5 Ways AI Can Support Students With Dyscalculia
February 13, 2024
5 min read
Let’s start today’s blog by going back to the basics. What’s 5 times 5? And 11 times 20? If you bought groceries worth $75 and tendered a $100 bill to the cashier, how much change would you get back?
The answers to these questions probably popped up in your head within a second, or a few at most. While basic math comes easily to most of us, some find it challenging to comprehend and work with number-based information.
Dyscalculia is a learning disability that affects a person’s ability to understand and work with mathematical concepts. Dyscalculia could manifest itself in several forms such as having trouble counting upwards or backwards, memorizing multiplication tables, making number comparisons, measuring quantities, and understanding fractions, amongst other things.
While solving a simple math problem may seem like an effortless job, it actually involves several other skills like visual processing, short-term and long-term memory, understanding quantities and amounts, and calculation. Everyday activities like reading the clock, cooking, driving and budgeting all involve these basic mathematical skills, making it challenging for those with dyscalculia to perform routine tasks.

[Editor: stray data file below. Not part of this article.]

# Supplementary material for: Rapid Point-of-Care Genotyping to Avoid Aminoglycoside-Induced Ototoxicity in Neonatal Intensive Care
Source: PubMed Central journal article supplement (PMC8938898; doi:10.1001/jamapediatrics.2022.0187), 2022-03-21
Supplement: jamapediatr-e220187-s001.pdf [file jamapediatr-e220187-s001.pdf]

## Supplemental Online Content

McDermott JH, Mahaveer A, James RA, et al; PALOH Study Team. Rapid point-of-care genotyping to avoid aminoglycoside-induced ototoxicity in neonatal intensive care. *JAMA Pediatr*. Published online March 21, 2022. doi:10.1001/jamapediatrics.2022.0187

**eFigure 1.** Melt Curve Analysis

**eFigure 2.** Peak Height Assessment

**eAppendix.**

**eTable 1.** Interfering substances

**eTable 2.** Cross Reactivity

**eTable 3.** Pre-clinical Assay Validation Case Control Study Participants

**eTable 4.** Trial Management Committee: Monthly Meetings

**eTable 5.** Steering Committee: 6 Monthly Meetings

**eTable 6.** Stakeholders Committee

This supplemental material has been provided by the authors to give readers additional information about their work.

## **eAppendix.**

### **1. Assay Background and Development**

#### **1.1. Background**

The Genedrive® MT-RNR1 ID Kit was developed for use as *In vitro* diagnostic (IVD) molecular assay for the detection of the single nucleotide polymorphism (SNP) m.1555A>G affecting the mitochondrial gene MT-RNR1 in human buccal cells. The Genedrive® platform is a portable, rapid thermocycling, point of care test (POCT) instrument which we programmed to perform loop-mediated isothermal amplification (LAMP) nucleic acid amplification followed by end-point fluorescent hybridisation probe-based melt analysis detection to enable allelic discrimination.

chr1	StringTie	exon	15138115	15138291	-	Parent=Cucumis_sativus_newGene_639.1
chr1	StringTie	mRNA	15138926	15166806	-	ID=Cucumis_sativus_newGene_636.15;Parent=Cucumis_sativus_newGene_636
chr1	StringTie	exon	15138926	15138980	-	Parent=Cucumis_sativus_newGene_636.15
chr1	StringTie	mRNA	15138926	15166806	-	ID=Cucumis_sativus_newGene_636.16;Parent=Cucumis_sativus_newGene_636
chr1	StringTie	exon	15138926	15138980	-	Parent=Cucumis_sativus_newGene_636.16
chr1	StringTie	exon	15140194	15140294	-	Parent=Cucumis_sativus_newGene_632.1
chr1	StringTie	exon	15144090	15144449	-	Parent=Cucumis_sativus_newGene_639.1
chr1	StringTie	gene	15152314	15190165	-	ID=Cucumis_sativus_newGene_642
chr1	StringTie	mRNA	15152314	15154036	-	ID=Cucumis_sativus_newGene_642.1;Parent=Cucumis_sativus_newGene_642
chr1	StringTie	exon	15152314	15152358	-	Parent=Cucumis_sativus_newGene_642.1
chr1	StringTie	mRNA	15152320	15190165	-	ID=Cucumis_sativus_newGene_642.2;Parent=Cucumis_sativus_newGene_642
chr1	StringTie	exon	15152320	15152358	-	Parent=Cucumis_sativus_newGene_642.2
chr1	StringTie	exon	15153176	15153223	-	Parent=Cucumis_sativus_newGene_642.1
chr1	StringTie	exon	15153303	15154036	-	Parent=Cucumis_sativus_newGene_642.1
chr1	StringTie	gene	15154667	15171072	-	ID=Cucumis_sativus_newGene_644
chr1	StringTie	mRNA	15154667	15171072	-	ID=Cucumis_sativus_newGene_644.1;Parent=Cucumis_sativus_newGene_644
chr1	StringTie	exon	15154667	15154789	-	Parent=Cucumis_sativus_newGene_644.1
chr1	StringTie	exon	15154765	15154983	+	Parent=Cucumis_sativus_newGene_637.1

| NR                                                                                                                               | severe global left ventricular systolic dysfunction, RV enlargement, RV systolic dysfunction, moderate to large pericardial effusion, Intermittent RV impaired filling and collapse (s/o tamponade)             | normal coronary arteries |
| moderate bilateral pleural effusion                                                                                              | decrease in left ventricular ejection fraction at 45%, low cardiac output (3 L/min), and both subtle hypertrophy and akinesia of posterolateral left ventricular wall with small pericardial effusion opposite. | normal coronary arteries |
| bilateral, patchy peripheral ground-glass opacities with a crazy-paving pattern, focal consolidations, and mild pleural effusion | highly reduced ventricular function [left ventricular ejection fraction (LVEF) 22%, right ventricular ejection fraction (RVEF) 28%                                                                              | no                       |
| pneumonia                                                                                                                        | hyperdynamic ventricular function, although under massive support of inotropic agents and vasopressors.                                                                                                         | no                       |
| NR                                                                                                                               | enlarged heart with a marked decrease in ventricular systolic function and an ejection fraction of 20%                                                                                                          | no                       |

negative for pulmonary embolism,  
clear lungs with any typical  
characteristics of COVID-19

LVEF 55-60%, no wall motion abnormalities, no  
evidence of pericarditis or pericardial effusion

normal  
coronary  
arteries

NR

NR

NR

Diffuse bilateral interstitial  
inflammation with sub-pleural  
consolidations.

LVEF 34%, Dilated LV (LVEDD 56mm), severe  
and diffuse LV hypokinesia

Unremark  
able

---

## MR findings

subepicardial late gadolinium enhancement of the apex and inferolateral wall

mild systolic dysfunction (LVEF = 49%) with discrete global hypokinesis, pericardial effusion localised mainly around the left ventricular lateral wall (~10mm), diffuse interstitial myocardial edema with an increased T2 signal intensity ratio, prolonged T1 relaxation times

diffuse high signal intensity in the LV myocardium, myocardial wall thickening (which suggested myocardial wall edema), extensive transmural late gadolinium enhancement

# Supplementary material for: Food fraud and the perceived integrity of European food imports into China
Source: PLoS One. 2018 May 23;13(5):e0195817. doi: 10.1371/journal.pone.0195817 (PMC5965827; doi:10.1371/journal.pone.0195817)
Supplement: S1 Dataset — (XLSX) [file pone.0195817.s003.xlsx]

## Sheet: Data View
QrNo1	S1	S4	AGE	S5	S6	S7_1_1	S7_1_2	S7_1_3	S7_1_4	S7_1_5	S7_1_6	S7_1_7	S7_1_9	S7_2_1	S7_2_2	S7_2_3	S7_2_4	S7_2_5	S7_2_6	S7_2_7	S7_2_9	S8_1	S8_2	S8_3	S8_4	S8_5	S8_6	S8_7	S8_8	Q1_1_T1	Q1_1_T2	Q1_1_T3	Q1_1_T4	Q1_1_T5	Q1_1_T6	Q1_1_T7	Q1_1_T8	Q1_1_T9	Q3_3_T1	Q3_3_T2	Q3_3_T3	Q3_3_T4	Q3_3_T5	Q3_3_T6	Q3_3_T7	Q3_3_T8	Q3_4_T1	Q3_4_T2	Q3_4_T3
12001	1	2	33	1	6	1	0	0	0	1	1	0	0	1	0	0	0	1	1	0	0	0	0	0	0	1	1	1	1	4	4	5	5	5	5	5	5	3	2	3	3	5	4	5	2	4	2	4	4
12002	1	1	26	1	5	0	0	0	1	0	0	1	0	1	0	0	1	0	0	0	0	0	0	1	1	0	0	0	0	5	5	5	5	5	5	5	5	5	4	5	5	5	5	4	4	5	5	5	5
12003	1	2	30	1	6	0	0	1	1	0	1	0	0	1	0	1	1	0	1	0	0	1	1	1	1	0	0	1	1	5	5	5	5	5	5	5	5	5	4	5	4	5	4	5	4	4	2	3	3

Moreover, with mathematics being a core subject in almost all schools and curriculums, learning disabilities such as dyscalculia can pose unique challenges in the educational journey. Artificial Intelligence (AI) is emerging as a powerful tool to address these challenges, offering personalized solutions and transforming the math learning experience for students with dyscalculia. Here are some ways that AI can support individuals with dyscalculia.
Students with dyscalculia often find it difficult to keep pace with other learners in the class owing to their limited mathematical abilities. Adaptive learning platforms could offer the perfect solution for this limitation. Adaptive learning uses artificial intelligence to create personalized learning experiences based on a learner’s needs and progress — an invaluable asset in an environment with diverse learners.
AI-driven adaptive learning platforms, such as DreamBox, Knewton and IXL Learning, use data and algorithms to analyze individual learning styles, strengths and areas for improvement and then adapt instructional content and activities in real-time to suit the unique pace and needs of students. In simpler words, this type of learning technology can increase the difficulty level when students perform well and provide extra assistance during moments of struggle.
For example, Bill, a dyscalculic student, struggles with basic arithmetic operations. The AI platform adjusts the difficulty level of arithmetic exercises based on Bill's performance. If he excels in addition but faces challenges in multiplication, the system tailors exercises to focus more on multiplication, providing additional practice and visual aids for reinforcement. As Bill progresses, the AI dynamically adapts the pace, ensuring he masters each arithmetic operation before moving on to more complex challenges.
In this way, AI adapts to the unique challenges of dyscalculic students by tailoring math exercises to address specific difficulties. This personalized approach focuses on reinforcing foundational mathematical concepts, ensuring a more comprehensive understanding of the subject.